How to run data on Kubernetes: 6 starting principles

How to run data on Kubernetes: 6 starting principles

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Sylvain Kalache
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Sylvain Kalache is the co-founder of Holberton, an edtech company training digital talent in more than 10 countries. He is an entrepreneur and a software engineer who has been working in the tech industry for over ten years. He was part of the team that led SlideShare’s acquisition by LinkedIn. He has also written for VentureBeat and CIO.

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Kubernetes is fast becoming an industry standard, with up to 94% of organizations deploying their services and applications on the container orchestration platform, per a survey. Standardization is a key reason why companies use Kubernetes. It allows advanced users to double their productivity.

Organizations have the ability to deploy any workload anywhere using standardizing on Kubernetes. However, Yhe technology thought that workloads were temporary. This meant that only stateless workloads could safely be deployed on Kubernetes. The community recently changed the paradigm by introducing features such as Storage Classes and StatefulSets, which allow data to be used on Kubernetes.

Although it is possible to run stateful workloads on Kubernetes, it is still difficult. This article will explain how to make it happen and the benefits.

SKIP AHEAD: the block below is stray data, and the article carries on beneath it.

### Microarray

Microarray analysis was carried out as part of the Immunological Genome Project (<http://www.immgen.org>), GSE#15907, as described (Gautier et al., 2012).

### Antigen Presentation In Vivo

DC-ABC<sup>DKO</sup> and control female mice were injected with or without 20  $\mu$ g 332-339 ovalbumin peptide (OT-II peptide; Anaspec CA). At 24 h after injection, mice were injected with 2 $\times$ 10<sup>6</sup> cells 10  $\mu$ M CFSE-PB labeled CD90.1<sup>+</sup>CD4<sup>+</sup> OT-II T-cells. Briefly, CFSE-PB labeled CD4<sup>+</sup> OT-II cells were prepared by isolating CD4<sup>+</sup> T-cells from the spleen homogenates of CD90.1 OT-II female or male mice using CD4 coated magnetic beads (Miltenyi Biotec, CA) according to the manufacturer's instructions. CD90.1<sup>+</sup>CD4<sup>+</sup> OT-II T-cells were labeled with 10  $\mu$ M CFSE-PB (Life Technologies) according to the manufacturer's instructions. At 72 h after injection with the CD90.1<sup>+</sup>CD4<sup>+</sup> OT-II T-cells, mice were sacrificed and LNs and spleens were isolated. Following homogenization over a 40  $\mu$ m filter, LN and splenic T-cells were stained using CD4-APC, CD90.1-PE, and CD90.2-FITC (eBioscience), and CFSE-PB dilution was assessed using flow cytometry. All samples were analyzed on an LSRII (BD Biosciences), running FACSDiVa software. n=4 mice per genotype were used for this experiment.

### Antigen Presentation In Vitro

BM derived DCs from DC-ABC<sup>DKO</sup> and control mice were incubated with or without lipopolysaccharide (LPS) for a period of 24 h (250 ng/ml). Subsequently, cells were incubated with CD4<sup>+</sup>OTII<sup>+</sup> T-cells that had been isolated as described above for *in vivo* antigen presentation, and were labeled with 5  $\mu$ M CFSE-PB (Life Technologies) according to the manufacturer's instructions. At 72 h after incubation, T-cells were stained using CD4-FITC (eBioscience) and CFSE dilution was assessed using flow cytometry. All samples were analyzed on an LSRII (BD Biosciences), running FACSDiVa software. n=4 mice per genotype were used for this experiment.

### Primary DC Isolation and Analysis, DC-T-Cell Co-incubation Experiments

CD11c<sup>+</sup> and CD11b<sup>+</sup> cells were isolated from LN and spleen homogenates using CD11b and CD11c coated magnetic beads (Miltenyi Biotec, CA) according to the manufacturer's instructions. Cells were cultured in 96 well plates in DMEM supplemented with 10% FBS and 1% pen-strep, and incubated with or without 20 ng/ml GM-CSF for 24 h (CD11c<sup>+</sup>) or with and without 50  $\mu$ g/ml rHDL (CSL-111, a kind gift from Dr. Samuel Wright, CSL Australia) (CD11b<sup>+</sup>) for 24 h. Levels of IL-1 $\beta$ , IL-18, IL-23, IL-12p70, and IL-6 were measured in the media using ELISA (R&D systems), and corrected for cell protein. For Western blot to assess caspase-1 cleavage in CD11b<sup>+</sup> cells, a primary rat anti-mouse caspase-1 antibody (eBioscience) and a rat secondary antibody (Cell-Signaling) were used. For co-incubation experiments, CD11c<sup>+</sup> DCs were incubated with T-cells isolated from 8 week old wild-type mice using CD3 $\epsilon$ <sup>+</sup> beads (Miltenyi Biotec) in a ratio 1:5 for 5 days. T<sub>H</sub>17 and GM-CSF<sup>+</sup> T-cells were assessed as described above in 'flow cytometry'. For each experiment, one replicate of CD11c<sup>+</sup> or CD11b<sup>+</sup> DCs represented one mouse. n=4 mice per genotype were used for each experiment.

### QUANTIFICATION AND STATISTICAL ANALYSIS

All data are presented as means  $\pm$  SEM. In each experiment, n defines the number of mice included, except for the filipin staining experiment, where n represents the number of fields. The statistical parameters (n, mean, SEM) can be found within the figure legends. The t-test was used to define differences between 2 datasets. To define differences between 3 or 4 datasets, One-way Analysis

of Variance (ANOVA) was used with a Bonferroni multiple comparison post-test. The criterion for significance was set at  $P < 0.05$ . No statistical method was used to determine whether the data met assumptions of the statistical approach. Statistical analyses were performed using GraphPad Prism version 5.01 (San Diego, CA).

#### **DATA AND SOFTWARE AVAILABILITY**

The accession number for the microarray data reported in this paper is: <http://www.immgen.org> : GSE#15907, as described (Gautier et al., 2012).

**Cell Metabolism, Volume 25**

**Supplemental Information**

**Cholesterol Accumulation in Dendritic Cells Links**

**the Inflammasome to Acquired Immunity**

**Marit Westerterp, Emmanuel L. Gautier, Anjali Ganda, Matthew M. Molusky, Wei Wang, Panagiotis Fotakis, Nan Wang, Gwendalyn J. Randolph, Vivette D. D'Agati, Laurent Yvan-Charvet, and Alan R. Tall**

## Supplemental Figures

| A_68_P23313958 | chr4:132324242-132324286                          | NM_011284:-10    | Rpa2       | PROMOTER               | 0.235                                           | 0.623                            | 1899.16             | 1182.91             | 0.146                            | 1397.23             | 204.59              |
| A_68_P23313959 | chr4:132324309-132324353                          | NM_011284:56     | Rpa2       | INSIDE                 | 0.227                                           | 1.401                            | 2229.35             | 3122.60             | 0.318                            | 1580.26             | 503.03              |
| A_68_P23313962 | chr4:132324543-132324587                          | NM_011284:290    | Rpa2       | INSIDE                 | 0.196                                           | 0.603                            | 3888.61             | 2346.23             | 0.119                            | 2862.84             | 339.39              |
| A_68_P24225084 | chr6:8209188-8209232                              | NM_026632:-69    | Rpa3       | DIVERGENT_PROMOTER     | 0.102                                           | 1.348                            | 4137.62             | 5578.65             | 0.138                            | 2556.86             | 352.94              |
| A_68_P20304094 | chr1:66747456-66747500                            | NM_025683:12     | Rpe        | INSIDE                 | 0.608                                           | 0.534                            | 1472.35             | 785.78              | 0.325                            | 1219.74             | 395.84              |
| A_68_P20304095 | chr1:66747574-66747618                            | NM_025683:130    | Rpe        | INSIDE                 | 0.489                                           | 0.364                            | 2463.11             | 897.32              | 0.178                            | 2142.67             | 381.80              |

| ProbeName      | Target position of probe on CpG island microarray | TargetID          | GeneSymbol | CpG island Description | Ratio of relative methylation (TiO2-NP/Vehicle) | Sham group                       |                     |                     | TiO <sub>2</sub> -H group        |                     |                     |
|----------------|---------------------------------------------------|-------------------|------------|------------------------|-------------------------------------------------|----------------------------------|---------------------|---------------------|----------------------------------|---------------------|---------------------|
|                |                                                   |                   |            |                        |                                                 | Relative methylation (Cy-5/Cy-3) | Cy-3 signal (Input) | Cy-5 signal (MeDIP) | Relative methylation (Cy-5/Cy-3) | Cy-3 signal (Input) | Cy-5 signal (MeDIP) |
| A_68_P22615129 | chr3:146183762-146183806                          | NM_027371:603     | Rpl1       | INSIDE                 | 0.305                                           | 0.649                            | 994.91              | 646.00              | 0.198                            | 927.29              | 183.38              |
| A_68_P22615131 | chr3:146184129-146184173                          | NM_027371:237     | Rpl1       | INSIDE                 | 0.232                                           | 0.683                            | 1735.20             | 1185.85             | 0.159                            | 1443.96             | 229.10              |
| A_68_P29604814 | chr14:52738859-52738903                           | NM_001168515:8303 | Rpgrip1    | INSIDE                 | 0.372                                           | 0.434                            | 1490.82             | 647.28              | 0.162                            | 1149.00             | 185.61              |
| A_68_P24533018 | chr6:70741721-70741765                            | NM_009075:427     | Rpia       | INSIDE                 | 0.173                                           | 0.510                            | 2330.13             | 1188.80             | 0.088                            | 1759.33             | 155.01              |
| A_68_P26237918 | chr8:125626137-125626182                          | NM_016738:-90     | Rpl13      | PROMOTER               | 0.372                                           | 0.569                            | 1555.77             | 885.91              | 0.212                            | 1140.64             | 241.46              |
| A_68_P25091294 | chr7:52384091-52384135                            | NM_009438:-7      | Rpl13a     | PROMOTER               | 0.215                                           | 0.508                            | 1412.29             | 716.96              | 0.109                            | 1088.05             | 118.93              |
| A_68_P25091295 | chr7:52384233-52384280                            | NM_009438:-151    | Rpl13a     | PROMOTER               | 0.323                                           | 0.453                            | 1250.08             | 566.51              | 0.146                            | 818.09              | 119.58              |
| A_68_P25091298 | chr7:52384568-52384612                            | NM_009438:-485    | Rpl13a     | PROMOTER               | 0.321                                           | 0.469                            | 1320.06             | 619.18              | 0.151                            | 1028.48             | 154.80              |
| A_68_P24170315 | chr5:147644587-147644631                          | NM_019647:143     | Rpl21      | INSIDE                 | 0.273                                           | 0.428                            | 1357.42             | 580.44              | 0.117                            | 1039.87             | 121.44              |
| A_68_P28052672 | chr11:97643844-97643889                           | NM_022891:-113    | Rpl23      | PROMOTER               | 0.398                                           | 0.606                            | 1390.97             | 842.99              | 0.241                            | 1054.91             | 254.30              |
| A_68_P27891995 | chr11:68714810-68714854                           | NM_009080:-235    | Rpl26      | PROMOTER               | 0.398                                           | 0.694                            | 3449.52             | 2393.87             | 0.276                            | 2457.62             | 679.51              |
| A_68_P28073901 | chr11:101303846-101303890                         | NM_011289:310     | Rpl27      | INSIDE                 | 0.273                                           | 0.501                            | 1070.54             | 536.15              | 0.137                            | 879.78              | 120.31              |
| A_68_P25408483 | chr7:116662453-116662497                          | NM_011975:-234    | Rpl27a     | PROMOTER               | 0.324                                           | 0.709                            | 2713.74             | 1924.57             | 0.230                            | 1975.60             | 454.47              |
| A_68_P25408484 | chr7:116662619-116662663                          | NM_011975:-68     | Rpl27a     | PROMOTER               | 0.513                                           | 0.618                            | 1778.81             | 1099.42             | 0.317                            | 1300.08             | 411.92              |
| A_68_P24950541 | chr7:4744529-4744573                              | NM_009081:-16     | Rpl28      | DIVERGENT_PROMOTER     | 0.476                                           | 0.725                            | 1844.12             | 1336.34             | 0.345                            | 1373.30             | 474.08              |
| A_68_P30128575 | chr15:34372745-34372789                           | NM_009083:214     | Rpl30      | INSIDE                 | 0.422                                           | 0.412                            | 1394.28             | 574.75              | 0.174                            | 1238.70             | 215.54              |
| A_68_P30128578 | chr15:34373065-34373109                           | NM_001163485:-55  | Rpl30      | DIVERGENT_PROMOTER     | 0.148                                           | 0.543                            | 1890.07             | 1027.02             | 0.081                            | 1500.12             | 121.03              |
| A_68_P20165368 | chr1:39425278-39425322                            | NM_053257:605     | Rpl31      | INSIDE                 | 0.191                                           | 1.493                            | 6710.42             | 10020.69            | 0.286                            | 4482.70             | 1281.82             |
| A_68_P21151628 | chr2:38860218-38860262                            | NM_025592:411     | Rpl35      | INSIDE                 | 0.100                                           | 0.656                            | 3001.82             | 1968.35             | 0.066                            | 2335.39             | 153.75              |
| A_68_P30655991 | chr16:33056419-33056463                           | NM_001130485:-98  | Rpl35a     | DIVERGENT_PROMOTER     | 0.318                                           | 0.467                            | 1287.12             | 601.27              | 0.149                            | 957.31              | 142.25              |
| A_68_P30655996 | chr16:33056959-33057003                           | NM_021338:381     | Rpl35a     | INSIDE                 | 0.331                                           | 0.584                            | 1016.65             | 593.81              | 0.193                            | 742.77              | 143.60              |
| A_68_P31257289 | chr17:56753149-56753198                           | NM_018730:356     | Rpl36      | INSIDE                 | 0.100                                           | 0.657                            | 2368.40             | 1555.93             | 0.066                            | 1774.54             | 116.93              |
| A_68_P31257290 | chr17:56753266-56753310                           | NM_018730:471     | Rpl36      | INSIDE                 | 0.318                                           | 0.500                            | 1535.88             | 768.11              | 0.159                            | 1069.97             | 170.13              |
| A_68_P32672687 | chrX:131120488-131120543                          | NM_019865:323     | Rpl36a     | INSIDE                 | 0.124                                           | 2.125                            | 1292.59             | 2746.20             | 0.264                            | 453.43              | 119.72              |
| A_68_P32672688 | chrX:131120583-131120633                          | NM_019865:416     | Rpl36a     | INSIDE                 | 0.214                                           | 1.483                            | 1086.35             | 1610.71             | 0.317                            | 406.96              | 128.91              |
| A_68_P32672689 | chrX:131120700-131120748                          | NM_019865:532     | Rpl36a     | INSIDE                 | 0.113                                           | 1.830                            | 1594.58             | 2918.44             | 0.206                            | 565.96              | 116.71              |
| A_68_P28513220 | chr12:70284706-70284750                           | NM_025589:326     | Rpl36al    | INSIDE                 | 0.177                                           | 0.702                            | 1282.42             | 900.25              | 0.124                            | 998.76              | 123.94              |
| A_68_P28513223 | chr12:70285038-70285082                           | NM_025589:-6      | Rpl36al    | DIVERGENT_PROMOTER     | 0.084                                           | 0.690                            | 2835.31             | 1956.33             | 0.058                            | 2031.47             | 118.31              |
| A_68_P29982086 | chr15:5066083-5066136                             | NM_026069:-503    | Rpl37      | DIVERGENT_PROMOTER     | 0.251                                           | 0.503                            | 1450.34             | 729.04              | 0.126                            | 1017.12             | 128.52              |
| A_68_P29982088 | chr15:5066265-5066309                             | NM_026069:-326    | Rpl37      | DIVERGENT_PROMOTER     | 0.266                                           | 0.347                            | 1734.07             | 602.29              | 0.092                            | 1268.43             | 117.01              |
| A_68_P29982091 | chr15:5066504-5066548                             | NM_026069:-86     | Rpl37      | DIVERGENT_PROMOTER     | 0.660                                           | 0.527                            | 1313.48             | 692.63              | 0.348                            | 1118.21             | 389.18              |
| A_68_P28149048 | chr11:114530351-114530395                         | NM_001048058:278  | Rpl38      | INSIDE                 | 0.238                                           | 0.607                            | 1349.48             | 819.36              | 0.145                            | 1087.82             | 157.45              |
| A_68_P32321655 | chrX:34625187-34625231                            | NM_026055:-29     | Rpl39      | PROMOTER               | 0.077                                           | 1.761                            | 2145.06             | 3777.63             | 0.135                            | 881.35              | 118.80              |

Do it progressively

Kubernetes will soon be as popular as Linux. It is the de facto method of running any application anywhere in a distributed manner. Kubernetes requires you to learn a lot about technical concepts and vocabulary. For example, newcomers might have difficulty understanding the many Kubernetes logic units like containers, pods and nodes.

If you don’t have Kubernetes running in production, don’t jump into data workloads. To avoid losing data if things go wrong, you should start by moving stateless applications.

You don’t have to search for an operator that suits your needs. Most of them are open-source.

Understand the limitations and specificities

Once you have a good understanding of the general Kubernetes concepts and are comfortable with them, you can dive into the details for stateful concepts. You must ensure that the correct storage system is provided for applications, which may have different storage requirements.

What the industry calls storage profiles is called Storage Classes in Kubernetes. They are a way to describe which classes a Kubernetes cluster has access to. Different quality-of-service levels can be applied to storage classes, such as I/O operations per minute per GiB, backup policies, or arbitrary policies like binding modes and allowed topologies.

Another important component to understand is StatefulSet. It is the Kubernetes API objects used to manage stateful apps. It offers key features like:

  • Stable, unique network identifiers that let you keep track of volume, and allows you to detach and reattach them as you please.
  • Stable, persistent storage so that your data is safe.
  • Ordered, graceful deployment and scaling, which is required for many Day 2 operations.

While StatefulSet has been a great replacement for the infamous PetSet, it is still in its infancy and has some limitations. For example, the StatefulSet controller has no built-in support for volume (PVC) resizing — which is a major challenge if the size of your application dataset is about to grow above the current allocated storage capacity. There are workarounds, but such limitations must be understood well ahead of time so that the engineering team knows how to handle them.

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